Elsewhere in the world, numbers of the Semipalmated Sandpiper, a long-distance migrant wintering in Guyana, Suriname and French Guiana, plummeted by almost 80 per cent over the last 30 years, in part due to widespread hunting. The birds are killed with a method called “chocking wire” which consists of a metal wire attached to a post perpendicular to flight lines and as flock pass, the wire is whipped up and down, passing through the flocks and killing or injuring birds. In order to help stop the dramatic decline, the species has been proposed for strict protection at CMS COP11.
Illegal hunting is also the key threat that has driven the Siberian Crane to the brink of extinction along its central flyway connecting the Russian Federation and India. With only 20 Siberian Cranes remaining in Western Siberia, it is one of the most threatened species in the world. Under the umbrella of the CMS Memorandum of Understanding concerning Conservation Measures for the Siberian Crane, education programmes have been developed involving hunters and local authorities in a widespread conservation initiative in Afghanistan, Kazakhstan, Russia and Uzbekistan along the Siberian Crane’s flyway. As a result, hunters started to participate in monitoring and to report sightings. Conflicts with farmers over crop damage and crane hunting have reduced and conservation of their wetland habitat has increased. Despite these encouraging results, hunting remains the primary cause for the decline of this critically endangered species.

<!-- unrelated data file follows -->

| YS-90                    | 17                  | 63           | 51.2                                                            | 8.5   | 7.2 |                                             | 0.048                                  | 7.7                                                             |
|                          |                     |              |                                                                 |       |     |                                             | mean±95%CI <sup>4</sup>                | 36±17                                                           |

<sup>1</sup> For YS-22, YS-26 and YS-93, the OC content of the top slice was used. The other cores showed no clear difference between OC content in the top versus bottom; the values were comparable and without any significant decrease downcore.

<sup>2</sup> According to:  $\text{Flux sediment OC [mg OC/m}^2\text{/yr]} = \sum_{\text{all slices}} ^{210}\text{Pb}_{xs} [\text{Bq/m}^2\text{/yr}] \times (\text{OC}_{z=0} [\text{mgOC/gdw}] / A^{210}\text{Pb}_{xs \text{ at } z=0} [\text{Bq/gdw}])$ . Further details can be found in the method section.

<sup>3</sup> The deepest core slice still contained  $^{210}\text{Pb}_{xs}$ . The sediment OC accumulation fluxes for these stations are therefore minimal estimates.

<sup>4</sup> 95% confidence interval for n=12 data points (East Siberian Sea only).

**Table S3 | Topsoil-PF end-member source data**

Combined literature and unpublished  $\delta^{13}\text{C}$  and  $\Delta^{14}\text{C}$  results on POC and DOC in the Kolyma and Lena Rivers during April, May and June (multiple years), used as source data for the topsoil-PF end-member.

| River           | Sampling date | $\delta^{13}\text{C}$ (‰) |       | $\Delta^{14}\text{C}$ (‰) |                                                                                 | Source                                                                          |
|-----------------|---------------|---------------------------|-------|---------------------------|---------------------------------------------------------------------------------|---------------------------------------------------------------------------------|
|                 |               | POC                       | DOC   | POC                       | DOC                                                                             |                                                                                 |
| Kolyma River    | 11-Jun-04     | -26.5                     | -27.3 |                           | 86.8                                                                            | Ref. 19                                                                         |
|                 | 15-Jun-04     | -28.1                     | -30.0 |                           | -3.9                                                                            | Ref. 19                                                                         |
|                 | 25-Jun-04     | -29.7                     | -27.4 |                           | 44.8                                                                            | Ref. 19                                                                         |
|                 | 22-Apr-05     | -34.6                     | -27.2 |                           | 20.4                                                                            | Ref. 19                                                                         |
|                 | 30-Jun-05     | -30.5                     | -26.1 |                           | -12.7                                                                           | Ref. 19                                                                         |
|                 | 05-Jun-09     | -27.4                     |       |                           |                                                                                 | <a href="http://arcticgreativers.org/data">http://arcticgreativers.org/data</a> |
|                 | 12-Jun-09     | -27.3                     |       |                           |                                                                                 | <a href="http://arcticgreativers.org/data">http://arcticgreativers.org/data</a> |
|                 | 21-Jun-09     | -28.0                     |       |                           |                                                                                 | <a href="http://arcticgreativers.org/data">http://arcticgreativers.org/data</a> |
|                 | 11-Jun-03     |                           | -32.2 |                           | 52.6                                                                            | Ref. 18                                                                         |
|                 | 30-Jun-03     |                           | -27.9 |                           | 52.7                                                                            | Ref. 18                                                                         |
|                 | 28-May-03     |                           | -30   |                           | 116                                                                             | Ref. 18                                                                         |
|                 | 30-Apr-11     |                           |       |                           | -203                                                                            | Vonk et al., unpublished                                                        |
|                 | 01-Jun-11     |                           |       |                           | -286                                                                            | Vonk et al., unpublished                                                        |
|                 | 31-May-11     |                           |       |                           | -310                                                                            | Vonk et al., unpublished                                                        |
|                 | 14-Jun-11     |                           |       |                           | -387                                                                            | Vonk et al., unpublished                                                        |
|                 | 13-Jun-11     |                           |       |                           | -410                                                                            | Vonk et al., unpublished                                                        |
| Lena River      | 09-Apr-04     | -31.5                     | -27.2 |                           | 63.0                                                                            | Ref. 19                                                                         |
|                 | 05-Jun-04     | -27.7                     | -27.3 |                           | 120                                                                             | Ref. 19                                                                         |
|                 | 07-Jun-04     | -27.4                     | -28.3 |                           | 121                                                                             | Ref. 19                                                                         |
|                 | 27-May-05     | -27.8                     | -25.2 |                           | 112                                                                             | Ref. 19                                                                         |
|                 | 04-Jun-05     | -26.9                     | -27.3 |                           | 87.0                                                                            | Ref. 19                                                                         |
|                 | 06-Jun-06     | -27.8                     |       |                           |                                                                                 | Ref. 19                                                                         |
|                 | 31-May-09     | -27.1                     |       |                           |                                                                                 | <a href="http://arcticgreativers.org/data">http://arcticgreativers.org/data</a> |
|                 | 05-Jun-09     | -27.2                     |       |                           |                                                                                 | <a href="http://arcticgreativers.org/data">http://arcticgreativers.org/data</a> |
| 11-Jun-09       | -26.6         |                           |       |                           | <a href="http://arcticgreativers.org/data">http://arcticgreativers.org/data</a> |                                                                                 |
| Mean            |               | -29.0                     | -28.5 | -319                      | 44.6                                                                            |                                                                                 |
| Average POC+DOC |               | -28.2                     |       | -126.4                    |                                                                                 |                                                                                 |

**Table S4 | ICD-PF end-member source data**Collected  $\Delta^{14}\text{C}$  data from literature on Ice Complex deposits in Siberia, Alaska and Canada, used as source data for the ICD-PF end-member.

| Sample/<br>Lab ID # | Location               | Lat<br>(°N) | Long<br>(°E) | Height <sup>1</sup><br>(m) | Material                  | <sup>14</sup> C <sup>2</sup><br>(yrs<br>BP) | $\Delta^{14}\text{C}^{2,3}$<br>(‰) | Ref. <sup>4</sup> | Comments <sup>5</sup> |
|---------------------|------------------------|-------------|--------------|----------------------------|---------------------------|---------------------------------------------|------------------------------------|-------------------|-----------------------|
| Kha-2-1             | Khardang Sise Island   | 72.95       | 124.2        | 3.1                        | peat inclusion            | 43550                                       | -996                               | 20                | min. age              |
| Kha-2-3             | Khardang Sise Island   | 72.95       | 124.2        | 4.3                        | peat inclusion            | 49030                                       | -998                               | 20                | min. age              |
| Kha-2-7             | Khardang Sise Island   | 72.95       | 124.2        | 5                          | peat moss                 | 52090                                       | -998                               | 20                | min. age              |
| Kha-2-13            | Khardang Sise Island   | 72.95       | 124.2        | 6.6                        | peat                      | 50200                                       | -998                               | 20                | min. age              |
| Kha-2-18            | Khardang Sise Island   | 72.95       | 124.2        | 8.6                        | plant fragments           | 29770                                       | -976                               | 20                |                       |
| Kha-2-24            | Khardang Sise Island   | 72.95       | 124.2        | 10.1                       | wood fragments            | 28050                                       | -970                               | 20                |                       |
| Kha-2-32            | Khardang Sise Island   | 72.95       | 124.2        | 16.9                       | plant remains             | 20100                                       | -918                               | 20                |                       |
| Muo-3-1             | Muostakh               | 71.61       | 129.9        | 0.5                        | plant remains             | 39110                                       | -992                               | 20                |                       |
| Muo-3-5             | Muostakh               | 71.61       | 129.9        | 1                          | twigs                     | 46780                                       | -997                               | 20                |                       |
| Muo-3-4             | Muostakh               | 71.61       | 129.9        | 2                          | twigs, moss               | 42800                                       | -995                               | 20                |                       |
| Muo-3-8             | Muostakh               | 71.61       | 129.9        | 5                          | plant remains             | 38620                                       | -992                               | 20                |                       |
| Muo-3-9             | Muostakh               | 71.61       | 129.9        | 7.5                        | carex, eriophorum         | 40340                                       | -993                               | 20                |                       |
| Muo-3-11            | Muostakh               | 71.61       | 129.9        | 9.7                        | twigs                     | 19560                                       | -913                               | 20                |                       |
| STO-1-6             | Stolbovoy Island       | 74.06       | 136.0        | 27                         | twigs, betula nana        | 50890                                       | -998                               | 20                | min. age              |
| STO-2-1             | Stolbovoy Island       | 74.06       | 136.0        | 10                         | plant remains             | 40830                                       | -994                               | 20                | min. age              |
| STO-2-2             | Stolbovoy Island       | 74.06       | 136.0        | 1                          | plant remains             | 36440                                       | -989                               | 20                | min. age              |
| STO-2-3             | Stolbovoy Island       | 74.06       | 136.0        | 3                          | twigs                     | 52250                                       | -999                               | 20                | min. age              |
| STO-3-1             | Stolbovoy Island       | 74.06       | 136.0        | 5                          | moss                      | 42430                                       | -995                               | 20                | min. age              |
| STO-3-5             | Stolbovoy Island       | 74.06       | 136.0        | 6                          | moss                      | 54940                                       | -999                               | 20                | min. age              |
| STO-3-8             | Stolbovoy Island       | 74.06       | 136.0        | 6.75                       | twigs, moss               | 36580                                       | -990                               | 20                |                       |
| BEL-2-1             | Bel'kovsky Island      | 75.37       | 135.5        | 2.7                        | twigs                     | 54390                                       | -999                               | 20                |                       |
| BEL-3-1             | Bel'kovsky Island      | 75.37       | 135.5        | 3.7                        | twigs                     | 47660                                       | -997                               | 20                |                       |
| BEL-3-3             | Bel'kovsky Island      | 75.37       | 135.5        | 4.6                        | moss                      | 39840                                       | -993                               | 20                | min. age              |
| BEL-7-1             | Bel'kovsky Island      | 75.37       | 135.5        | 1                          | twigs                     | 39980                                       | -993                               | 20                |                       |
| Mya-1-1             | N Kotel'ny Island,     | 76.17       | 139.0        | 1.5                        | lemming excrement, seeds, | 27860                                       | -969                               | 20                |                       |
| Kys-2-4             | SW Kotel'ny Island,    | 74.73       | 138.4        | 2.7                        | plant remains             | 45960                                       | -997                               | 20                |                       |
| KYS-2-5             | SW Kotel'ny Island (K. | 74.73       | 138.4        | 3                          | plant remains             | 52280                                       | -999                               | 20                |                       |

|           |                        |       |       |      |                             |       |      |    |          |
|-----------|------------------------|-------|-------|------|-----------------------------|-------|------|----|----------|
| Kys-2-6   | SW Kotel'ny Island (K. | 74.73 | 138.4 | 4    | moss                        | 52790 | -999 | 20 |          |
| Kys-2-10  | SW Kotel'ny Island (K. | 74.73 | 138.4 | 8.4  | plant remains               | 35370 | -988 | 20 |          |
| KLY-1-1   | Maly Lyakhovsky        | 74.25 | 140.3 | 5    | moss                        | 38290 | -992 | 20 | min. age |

Until recently, up to 140,000 Amur falcons were killed in Nagaland, India, as a cheap source of protein. Thanks to an educational campaign initiated by the Indian government with support of the CMS Memorandum of Understanding on the Conservation of Migratory Birds of Prey in Africa and Eurasia, no birds were killed for the first time in 2013.
The adoption of this resolution will be a milestone that complements other collaborative efforts such as the International Consortium on Combating Wildlife Crime and in particular relevant actions taken under the Convention on International Trade in Endangered Species of Wild Fauna and Flora (CITES).
CMS COP11 also presents the opportunity for an unprecedented step forward in global flyway conservation with the adoption of a Programme of Work for Migratory Birds and Flyways. It is also expected to adopt action plans or guide intergovernmental working groups or task forces to tackle bird poisoning, reduce negative effects of renewable energy developments and the adoption of a conservation strategy for African-Eurasian landbirds.